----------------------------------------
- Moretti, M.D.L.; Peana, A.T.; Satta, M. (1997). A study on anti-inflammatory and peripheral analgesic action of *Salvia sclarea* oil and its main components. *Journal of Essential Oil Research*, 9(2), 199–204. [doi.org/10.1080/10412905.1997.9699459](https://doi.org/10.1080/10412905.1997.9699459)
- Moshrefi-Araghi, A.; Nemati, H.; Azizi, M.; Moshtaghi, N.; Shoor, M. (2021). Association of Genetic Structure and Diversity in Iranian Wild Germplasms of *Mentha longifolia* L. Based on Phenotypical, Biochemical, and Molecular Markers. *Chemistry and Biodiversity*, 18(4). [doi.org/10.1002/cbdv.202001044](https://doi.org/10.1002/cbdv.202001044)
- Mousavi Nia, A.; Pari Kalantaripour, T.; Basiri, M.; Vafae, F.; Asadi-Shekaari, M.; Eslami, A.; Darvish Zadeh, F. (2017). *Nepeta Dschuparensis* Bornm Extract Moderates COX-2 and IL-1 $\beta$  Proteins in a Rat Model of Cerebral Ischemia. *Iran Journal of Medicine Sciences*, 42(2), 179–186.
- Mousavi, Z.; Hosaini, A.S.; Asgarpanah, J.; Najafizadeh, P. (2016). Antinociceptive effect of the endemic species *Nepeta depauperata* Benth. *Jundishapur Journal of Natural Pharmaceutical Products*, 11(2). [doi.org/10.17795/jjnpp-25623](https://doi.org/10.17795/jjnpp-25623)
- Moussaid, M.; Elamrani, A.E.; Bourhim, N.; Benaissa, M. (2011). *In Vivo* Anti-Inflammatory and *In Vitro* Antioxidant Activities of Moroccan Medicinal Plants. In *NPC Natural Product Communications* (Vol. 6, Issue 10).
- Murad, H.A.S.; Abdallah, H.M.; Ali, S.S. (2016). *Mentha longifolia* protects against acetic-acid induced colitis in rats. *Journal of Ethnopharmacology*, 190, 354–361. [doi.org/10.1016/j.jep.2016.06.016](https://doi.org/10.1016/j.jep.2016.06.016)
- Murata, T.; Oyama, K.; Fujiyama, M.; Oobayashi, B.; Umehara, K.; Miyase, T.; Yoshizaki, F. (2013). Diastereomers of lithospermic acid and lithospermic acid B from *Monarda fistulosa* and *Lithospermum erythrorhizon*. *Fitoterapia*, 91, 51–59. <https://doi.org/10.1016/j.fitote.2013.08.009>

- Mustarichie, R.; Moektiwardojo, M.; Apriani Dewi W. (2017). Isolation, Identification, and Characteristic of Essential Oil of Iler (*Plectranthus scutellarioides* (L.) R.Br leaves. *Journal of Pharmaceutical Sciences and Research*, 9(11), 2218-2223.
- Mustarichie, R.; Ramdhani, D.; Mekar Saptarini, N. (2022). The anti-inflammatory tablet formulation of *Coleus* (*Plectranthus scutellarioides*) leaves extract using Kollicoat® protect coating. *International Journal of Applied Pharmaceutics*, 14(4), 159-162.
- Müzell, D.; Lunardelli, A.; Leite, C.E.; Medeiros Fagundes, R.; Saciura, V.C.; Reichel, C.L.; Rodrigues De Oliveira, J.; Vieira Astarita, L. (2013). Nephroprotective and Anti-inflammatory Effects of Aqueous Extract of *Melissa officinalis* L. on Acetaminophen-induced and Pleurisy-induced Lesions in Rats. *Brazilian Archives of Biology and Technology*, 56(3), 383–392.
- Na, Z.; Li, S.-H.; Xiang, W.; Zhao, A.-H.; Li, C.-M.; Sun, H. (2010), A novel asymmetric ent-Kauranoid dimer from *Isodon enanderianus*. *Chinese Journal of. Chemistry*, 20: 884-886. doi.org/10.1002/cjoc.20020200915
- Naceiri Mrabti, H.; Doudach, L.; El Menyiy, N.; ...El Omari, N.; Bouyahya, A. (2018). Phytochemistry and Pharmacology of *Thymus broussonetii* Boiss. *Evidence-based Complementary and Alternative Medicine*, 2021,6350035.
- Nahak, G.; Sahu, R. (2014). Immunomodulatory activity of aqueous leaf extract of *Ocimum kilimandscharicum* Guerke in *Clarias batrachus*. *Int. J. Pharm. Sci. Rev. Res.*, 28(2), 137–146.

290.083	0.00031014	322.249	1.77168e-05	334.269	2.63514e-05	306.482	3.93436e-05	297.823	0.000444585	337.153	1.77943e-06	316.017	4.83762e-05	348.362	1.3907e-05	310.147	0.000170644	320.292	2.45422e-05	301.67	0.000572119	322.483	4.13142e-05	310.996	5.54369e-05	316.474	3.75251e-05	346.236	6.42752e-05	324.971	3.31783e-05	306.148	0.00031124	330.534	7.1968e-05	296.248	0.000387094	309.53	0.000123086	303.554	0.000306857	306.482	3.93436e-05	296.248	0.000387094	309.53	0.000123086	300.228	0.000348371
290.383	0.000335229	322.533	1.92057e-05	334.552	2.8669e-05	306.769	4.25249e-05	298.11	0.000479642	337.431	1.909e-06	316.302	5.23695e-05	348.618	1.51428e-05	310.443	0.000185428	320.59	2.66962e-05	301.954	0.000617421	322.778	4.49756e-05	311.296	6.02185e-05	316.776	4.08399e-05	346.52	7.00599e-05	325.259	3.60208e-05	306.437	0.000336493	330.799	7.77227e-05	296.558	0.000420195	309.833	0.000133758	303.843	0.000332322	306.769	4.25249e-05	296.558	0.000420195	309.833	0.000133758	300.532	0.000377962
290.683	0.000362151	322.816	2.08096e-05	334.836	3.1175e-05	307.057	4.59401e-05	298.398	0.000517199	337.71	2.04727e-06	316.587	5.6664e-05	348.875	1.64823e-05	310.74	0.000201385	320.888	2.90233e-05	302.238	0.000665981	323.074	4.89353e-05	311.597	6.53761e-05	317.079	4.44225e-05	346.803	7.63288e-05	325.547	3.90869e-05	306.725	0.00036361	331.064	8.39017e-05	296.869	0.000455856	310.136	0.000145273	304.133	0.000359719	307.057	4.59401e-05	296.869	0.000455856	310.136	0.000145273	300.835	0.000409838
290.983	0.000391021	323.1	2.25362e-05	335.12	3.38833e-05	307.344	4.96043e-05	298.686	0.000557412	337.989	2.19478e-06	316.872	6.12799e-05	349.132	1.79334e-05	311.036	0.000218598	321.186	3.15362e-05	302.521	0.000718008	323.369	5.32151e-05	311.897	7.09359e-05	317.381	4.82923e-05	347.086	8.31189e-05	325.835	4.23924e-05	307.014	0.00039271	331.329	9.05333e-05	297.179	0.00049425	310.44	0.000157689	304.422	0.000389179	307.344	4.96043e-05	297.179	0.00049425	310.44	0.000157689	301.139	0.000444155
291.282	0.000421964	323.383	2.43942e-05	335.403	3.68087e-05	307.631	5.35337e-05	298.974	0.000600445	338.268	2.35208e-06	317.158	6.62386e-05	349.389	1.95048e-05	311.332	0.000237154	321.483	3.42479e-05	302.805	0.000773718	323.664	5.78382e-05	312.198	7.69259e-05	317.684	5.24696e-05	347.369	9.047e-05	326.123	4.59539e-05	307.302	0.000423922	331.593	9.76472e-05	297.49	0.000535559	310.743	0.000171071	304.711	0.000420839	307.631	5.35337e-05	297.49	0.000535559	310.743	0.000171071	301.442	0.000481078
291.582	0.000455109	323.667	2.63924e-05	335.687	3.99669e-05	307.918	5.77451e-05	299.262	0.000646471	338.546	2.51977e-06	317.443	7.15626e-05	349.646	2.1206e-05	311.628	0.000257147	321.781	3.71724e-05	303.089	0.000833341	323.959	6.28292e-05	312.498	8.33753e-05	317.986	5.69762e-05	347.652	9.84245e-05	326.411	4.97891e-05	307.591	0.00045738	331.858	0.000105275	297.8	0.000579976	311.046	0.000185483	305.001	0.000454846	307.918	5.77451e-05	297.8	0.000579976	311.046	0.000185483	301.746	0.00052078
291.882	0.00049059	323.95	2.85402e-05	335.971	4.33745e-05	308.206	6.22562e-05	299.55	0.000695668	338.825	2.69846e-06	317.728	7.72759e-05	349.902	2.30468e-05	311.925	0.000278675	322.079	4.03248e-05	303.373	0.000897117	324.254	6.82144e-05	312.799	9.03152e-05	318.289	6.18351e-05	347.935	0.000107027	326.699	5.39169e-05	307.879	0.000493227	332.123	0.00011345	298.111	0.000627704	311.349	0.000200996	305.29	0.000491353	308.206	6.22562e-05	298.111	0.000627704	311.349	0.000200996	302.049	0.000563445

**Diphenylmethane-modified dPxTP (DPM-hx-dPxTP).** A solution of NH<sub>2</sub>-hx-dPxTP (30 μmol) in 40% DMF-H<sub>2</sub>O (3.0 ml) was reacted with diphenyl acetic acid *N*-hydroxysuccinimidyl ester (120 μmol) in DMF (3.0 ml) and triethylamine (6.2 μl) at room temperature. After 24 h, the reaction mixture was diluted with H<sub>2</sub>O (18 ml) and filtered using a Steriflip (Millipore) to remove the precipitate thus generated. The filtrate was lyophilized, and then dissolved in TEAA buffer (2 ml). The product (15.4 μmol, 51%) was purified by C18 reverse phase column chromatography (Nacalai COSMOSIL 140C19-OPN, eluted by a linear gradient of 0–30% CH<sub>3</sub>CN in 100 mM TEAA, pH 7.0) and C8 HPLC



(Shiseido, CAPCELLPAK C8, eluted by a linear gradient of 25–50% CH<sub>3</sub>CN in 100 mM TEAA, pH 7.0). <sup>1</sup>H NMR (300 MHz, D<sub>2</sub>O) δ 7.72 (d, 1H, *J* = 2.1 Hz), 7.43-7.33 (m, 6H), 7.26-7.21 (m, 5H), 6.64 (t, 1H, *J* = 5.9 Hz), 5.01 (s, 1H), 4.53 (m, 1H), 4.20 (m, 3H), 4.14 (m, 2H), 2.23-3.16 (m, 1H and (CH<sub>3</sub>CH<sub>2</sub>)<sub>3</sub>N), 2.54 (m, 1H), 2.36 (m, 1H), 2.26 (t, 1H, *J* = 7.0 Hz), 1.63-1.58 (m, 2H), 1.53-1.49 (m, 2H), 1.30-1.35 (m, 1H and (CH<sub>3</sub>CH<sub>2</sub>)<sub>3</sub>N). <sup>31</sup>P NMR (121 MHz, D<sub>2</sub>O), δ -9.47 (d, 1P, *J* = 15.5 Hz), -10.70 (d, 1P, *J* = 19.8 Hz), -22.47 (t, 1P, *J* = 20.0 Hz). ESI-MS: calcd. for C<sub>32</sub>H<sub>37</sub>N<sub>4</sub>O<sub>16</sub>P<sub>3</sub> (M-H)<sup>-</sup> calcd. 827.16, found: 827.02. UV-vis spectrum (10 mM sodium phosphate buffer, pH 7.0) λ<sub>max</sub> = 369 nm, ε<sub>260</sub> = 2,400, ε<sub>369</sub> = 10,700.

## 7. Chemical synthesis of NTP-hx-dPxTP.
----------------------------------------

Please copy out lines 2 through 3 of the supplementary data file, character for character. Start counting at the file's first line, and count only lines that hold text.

- Moshrefi-Araghi, A.; Nemati, H.; Azizi, M.; Moshtaghi, N.; Shoor, M. (2021). Association of Genetic Structure and Diversity in Iranian Wild Germplasms of *Mentha longifolia* L. Based on Phenotypical, Biochemical, and Molecular Markers. *Chemistry and Biodiversity*, 18(4). [doi.org/10.1002/cbdv.202001044](https://doi.org/10.1002/cbdv.202001044)
- Mousavi Nia, A.; Pari Kalantaripour, T.; Basiri, M.; Vafae, F.; Asadi-Shekaari, M.; Eslami, A.; Darvish Zadeh, F. (2017). *Nepeta Dschuparensis* Bornm Extract Moderates COX-2 and IL-1 $\beta$  Proteins in a Rat Model of Cerebral Ischemia. *Iran Journal of Medicine Sciences*, 42(2), 179–186.